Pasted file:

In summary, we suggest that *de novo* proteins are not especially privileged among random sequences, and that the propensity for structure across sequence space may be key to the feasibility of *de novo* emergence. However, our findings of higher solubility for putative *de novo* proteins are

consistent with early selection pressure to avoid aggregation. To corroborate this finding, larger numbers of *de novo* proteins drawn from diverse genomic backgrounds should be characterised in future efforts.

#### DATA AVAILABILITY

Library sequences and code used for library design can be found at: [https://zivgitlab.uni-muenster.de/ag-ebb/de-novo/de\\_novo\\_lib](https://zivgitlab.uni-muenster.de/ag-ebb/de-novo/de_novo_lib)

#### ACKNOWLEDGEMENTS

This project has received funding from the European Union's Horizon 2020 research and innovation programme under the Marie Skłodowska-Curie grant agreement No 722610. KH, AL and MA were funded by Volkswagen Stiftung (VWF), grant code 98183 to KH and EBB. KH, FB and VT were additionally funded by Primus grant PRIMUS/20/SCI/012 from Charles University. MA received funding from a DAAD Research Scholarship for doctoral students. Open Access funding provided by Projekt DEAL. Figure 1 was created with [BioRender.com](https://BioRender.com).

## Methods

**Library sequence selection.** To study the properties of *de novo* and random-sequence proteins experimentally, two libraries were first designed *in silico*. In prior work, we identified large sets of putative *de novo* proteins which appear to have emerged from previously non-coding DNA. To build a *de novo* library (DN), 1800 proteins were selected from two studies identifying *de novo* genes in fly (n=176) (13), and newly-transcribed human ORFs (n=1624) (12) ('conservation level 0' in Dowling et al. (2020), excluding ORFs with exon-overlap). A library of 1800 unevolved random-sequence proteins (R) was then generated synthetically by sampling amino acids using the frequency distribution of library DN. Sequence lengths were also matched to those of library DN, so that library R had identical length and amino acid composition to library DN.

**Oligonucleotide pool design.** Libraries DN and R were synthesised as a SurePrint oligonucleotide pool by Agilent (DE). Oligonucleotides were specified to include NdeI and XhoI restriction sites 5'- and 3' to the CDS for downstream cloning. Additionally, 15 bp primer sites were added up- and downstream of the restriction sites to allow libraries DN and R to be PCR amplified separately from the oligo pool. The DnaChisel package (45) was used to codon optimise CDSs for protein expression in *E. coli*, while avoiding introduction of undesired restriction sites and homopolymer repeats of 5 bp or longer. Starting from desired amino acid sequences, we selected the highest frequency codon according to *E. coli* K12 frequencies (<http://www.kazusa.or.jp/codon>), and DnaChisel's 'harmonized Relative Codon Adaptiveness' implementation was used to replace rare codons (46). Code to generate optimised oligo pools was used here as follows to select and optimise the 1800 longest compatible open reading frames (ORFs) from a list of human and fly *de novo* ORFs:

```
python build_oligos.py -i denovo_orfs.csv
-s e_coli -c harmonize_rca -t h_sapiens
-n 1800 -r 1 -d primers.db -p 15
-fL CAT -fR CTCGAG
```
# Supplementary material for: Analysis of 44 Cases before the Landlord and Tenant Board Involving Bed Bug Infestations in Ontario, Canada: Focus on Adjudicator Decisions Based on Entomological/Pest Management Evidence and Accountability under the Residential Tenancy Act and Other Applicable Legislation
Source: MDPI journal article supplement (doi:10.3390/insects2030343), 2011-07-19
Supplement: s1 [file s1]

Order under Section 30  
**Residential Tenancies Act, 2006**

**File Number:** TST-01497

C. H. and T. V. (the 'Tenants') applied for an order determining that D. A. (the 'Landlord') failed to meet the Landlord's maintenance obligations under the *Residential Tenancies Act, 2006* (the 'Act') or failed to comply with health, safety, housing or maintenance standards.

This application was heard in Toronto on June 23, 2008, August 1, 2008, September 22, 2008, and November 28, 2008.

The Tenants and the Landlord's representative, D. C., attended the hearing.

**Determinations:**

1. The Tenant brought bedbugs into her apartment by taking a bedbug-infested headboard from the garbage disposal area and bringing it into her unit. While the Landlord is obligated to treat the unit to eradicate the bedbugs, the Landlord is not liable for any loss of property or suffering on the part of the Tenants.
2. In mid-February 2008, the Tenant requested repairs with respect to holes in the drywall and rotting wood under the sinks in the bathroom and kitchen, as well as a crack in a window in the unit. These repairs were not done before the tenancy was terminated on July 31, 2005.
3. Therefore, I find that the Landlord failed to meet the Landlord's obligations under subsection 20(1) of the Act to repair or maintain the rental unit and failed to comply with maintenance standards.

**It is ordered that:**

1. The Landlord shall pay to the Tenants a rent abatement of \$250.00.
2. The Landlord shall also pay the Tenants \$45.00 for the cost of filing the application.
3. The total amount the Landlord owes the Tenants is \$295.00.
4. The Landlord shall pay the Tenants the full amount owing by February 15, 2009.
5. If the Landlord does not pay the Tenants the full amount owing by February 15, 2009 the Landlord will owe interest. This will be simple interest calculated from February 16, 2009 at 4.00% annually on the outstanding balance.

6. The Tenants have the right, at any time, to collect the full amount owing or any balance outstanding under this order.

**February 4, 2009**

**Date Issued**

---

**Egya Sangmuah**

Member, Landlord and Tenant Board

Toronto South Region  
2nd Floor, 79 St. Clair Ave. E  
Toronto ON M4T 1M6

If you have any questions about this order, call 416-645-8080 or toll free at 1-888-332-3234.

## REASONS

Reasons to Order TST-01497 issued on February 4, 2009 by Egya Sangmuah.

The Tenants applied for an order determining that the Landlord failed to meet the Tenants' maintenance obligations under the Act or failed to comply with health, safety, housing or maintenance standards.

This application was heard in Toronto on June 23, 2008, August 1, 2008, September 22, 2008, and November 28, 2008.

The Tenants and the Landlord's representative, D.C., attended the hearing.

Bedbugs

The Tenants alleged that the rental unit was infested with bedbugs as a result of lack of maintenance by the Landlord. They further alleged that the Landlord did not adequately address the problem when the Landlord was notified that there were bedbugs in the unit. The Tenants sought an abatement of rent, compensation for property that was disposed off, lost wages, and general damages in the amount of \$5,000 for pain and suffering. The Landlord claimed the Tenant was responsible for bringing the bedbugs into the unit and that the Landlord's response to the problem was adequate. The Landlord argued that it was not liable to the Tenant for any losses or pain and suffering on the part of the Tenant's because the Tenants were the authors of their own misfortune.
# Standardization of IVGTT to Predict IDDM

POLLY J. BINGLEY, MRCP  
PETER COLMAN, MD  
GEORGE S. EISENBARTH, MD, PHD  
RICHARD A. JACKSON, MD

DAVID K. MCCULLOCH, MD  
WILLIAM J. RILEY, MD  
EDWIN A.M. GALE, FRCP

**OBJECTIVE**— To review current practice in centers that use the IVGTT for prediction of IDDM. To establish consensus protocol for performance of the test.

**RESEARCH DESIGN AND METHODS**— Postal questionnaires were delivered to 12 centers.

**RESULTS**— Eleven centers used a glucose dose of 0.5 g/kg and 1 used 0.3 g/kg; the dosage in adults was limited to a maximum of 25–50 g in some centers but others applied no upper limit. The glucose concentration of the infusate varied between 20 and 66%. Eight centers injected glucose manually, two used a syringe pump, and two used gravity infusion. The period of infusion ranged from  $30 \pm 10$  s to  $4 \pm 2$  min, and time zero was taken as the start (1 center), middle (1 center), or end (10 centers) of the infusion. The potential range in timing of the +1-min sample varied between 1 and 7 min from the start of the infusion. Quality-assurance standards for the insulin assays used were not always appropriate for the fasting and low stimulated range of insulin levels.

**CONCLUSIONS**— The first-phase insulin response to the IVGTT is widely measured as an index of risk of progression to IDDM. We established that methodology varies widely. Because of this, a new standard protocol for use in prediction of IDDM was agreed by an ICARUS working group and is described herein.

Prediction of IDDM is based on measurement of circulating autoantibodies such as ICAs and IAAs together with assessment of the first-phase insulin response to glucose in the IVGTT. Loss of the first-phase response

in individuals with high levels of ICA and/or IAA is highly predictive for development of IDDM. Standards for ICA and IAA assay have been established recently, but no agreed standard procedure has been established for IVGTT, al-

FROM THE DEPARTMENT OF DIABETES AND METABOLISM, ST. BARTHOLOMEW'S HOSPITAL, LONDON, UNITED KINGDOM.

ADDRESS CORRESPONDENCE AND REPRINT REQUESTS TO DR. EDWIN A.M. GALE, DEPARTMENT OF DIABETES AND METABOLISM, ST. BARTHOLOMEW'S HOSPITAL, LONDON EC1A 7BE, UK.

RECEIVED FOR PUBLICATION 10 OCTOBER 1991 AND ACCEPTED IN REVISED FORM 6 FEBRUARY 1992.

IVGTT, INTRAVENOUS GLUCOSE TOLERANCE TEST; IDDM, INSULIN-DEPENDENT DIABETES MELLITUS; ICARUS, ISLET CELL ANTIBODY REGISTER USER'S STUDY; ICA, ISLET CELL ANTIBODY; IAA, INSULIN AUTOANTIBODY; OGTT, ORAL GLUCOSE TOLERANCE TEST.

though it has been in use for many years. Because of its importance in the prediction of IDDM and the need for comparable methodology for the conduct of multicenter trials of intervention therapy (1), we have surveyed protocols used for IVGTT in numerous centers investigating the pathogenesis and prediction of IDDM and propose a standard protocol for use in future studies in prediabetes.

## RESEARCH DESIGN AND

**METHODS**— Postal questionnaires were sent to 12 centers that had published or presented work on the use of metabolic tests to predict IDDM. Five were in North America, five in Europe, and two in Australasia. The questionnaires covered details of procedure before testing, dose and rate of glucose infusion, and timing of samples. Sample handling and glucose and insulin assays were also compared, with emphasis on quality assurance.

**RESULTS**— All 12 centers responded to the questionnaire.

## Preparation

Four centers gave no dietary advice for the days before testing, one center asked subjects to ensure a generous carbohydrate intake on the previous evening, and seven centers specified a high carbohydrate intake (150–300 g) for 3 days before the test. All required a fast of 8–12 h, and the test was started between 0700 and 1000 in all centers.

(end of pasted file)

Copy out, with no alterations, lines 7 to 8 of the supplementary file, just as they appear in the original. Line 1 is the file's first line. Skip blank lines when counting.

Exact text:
## Methods

**Library sequence selection.** To study the properties of *de novo* and random-sequence proteins experimentally, two libraries were first designed *in silico*. In prior work, we identified large sets of putative *de novo* proteins which appear to have emerged from previously non-coding DNA. To build a *de novo* library (DN), 1800 proteins were selected from two studies identifying *de novo* genes in fly (n=176) (13), and newly-transcribed human ORFs (n=1624) (12) ('conservation level 0' in Dowling et al. (2020), excluding ORFs with exon-overlap). A library of 1800 unevolved random-sequence proteins (R) was then generated synthetically by sampling amino acids using the frequency distribution of library DN. Sequence lengths were also matched to those of library DN, so that library R had identical length and amino acid composition to library DN.